December 2003 Bulletin

Tackling estate issues

Plan ahead to establish goals, objectives

By Joel M. Blau, CFP and
Ronald J. Paprocki, JD, CFP, CEO

Few orthopaedic surgeons view estate planning as an urgent or immediate need. Yet without a properly structured estate plan, your heirs may end up paying unnecessary estate taxes and probate fees that in many cases can be dramatically reduced or even eliminated.

Financial planners can assist in determining the various goals, objectives and actual structure of the estate plan. You will need to engage the services of a qualified estate-planning attorney, however, to draft and implement your plan. Be well prepared prior to the initial meeting so you can save substantial time and money.

Various considerations
There are several topics to consider before meeting with the attorney who will be drafting the estate planning documents. For individuals with minor children, one of the most important and difficult decisions involves choosing a guardian. You must consider who is best able to cope with raising your children. While your heart may tell you to select grandparents, be mindful of their ages and ability to raise another family. Other options include choosing a sibling or a close friend.

Additional factors to consider include: the age of the proposed guardians and the age(s) of their children, age(s) of your children, the number of children who are minors and the health and financial situation of all parties.
It is also an excellent idea to decide on alternative choices, in the event your first choice is unwilling or unable to serve. If you name a married couple as guardians and one of them dies, decide whether or not you want their surviving spouse to act as the sole guardian. The same decision should be made in the event that the guardians become divorced.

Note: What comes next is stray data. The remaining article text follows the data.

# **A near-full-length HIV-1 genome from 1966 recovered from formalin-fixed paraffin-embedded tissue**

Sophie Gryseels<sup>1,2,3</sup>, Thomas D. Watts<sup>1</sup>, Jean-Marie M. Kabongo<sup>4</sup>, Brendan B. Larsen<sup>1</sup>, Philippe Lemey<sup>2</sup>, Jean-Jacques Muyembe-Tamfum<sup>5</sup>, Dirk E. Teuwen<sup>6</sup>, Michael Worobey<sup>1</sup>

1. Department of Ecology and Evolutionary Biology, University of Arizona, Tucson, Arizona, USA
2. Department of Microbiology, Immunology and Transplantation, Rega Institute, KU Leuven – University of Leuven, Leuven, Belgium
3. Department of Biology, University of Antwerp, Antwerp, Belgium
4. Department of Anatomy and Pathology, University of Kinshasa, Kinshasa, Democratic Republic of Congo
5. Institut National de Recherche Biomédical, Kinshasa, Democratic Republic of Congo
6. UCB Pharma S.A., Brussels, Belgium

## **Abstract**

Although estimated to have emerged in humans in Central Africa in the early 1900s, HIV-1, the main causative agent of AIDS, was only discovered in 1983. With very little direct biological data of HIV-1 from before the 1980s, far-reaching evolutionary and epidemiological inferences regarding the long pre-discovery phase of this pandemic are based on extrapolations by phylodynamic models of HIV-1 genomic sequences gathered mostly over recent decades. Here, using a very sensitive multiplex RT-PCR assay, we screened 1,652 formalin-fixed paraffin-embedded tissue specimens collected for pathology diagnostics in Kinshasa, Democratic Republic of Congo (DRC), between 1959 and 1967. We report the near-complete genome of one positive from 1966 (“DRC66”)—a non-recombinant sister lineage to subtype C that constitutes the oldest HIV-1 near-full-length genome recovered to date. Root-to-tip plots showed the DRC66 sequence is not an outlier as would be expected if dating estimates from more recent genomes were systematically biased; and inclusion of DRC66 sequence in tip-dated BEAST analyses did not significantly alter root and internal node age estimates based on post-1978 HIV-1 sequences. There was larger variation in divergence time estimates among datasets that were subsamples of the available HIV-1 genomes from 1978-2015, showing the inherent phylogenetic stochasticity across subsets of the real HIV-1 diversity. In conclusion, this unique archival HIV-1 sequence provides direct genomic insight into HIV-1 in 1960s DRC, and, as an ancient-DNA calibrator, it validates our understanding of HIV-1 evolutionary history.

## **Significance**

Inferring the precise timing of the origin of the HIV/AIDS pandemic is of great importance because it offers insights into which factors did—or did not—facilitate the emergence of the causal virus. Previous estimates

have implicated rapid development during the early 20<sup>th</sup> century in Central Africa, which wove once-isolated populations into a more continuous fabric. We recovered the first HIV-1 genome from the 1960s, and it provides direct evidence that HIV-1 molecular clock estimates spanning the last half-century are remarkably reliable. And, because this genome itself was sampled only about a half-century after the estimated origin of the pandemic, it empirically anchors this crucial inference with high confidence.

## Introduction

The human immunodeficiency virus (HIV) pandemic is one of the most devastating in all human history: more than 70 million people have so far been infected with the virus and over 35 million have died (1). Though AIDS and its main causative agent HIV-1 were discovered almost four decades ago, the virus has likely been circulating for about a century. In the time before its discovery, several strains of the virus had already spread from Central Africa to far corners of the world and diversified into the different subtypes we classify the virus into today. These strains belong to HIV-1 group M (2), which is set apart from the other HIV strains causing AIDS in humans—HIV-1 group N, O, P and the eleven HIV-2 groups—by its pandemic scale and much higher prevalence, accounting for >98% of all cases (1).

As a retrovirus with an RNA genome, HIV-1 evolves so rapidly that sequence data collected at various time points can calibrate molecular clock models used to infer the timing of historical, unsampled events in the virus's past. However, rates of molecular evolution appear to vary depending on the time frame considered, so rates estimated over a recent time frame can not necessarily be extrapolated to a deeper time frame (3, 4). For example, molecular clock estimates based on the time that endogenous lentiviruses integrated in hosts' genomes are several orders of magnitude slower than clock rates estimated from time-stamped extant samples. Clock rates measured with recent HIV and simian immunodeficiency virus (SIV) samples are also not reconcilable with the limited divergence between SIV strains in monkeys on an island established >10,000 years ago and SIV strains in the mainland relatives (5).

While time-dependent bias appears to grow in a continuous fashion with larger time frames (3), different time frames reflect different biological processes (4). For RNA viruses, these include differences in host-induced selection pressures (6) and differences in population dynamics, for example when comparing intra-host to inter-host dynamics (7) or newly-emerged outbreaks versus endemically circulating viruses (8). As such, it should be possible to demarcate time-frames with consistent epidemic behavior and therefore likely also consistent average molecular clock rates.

Executor’s role
You also will have to select an executor for your estate. It is the executor’s responsibility, via the probate process, to handle the details of paying any debts of the estate, paying death taxes and distributing the remaining assets to the beneficiaries named in your will.

Before meeting with the attorney, be sure that you have made a list of all of your assets, including value and ownership (individually or jointly). This gives the attorney a quick snapshot of the value of your estate as well as the level of probate exposure.

If you decide to use various trust strategies, you will need to name a trustee to manage investments and take care of issues such as distributions related to the trust. The trustee can be an individual or a corporate fiduciary, such as a bank trust company.

Age plays a factor
Another decision addresses the ages of your children at the time the estate is distributed. If you do not want to distribute assets outright—in a lump sum—to your children in the event of your and/or your spouse’s death, the assets can be held in trust for their benefit.

The ultimate distribution does not have to be made as a lump sum. Many people prefer to make distributions of a portion of the estate at several different times; for example, one-third at age 21, one-third at age 25, and one-third at age 30 or any other combination you think works best for your children.

Lastly, you will need to make arrangements in the unlikely event that your children predecease the distribution of the estate. If this happened, you would want to decide who the beneficiaries would be—other relatives, friends, or even charity.

Although these issues are difficult and emotionally taxing to address, planning ahead will eliminate the stress of making these decisions under emotional duress.

Joel M. Blau, CFP, is president of MEDIQUS Asset Advisors, Inc. He can be reached at (800) 883-8555 or

Ronald J. Paprocki, JD, CFP, is chief operating officer of MEDIQUS.

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